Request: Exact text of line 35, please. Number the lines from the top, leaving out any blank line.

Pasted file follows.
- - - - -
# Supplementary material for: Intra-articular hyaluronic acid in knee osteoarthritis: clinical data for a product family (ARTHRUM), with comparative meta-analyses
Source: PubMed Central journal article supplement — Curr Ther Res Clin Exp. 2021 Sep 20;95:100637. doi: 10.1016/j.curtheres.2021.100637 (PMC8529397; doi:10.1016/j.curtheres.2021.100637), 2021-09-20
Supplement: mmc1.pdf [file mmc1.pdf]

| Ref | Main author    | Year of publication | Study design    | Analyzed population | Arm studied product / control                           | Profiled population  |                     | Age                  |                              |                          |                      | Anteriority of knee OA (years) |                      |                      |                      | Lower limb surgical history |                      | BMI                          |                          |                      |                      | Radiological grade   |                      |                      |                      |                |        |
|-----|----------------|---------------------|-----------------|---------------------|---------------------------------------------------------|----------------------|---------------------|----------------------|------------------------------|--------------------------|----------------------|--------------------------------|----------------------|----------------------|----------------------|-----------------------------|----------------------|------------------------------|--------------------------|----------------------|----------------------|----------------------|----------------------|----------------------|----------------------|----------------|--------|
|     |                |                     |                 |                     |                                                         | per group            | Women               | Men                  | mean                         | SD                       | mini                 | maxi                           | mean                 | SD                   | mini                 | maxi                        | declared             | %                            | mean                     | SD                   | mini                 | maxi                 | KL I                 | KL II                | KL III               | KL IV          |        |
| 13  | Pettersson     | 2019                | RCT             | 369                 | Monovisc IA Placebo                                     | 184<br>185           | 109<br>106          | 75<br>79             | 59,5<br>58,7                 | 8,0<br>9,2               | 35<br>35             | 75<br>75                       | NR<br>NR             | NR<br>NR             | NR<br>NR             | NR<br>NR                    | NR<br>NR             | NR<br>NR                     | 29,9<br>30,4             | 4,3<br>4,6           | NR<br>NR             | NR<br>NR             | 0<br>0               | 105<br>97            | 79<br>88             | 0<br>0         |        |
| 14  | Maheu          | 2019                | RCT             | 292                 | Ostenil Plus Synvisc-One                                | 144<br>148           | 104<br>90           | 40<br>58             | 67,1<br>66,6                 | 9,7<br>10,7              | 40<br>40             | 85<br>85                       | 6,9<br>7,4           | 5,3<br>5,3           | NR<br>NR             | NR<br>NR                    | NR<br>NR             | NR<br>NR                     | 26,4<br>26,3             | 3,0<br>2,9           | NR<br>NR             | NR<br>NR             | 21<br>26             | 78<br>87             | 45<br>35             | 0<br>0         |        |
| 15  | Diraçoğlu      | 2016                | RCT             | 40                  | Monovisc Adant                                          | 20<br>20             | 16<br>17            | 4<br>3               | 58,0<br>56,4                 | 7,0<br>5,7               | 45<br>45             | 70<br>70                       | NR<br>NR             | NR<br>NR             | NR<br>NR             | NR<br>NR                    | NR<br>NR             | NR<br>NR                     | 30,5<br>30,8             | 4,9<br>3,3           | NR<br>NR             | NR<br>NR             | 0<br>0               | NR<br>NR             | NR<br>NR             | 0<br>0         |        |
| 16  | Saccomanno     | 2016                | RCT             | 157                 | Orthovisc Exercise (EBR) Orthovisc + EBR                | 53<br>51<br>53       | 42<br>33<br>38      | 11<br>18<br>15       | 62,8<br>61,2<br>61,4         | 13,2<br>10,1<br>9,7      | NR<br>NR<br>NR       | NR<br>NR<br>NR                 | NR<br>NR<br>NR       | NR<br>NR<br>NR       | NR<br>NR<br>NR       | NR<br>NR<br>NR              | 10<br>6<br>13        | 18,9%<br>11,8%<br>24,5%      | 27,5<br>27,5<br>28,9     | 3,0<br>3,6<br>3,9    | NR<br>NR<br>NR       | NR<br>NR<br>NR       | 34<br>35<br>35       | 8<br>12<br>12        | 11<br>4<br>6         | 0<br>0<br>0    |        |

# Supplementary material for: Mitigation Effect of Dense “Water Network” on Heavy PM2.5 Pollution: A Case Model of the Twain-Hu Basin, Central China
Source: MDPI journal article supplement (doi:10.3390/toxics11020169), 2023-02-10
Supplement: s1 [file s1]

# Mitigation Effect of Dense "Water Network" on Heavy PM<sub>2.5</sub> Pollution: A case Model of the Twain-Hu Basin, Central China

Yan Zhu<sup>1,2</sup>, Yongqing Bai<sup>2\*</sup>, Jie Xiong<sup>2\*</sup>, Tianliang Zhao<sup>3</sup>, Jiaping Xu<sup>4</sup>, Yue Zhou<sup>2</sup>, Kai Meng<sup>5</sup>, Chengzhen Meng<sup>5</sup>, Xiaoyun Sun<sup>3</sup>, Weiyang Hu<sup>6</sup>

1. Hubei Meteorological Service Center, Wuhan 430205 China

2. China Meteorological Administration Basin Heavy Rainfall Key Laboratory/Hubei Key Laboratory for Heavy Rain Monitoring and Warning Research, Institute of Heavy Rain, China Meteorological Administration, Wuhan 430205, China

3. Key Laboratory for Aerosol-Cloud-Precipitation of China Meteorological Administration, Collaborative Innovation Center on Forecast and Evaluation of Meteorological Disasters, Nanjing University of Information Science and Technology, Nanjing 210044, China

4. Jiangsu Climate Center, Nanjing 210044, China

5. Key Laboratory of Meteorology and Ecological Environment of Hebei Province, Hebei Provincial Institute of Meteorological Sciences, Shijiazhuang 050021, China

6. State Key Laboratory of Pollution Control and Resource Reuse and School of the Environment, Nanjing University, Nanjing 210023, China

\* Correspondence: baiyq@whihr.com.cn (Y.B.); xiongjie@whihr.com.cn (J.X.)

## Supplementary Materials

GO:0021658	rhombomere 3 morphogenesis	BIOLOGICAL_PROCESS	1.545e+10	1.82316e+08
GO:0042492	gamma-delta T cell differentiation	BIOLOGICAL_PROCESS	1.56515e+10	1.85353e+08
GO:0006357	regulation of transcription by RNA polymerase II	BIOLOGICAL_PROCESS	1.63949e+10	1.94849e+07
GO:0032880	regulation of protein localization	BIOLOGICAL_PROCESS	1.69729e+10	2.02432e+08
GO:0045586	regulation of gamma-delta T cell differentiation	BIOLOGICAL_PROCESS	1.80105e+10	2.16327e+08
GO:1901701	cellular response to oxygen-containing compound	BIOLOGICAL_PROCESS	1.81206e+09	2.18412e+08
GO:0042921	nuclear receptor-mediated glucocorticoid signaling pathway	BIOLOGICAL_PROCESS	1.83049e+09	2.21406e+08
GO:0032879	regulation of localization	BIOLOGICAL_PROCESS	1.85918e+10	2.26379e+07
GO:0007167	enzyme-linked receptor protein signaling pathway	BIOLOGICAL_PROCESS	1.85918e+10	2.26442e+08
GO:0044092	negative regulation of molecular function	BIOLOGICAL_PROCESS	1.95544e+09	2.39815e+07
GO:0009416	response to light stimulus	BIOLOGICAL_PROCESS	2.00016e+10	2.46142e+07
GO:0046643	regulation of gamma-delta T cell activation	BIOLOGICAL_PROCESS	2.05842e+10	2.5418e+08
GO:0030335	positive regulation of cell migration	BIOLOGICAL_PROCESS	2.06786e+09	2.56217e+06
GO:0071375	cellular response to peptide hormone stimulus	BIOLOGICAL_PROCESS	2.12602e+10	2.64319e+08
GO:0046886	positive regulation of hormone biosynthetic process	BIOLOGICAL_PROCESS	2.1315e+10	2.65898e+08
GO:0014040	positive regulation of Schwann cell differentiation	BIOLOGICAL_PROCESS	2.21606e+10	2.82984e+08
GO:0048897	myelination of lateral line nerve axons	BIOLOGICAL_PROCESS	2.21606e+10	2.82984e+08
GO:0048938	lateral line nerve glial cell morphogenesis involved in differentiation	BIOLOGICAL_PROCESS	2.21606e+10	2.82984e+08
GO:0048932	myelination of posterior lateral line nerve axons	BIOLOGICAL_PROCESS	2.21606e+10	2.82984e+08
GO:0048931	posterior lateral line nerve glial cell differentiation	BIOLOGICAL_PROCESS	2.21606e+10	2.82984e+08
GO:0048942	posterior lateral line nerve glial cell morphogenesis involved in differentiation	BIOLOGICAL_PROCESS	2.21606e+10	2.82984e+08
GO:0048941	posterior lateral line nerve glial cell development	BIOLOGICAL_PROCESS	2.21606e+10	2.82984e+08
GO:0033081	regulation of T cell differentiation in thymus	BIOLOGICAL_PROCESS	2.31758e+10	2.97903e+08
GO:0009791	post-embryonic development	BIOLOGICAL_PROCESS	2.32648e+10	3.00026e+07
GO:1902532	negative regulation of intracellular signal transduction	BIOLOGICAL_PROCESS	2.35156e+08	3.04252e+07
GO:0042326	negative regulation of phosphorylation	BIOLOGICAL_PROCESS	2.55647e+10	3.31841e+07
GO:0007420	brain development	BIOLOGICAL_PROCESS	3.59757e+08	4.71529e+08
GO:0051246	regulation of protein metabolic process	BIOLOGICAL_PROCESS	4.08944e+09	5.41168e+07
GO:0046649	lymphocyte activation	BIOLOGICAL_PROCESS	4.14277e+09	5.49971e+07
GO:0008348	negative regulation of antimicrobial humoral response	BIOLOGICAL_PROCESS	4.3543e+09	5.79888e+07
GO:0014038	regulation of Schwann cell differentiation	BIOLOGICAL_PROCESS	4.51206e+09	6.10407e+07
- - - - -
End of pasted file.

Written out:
GO:0046643	regulation of gamma-delta T cell activation	BIOLOGICAL_PROCESS	2.05842e+10	2.5418e+08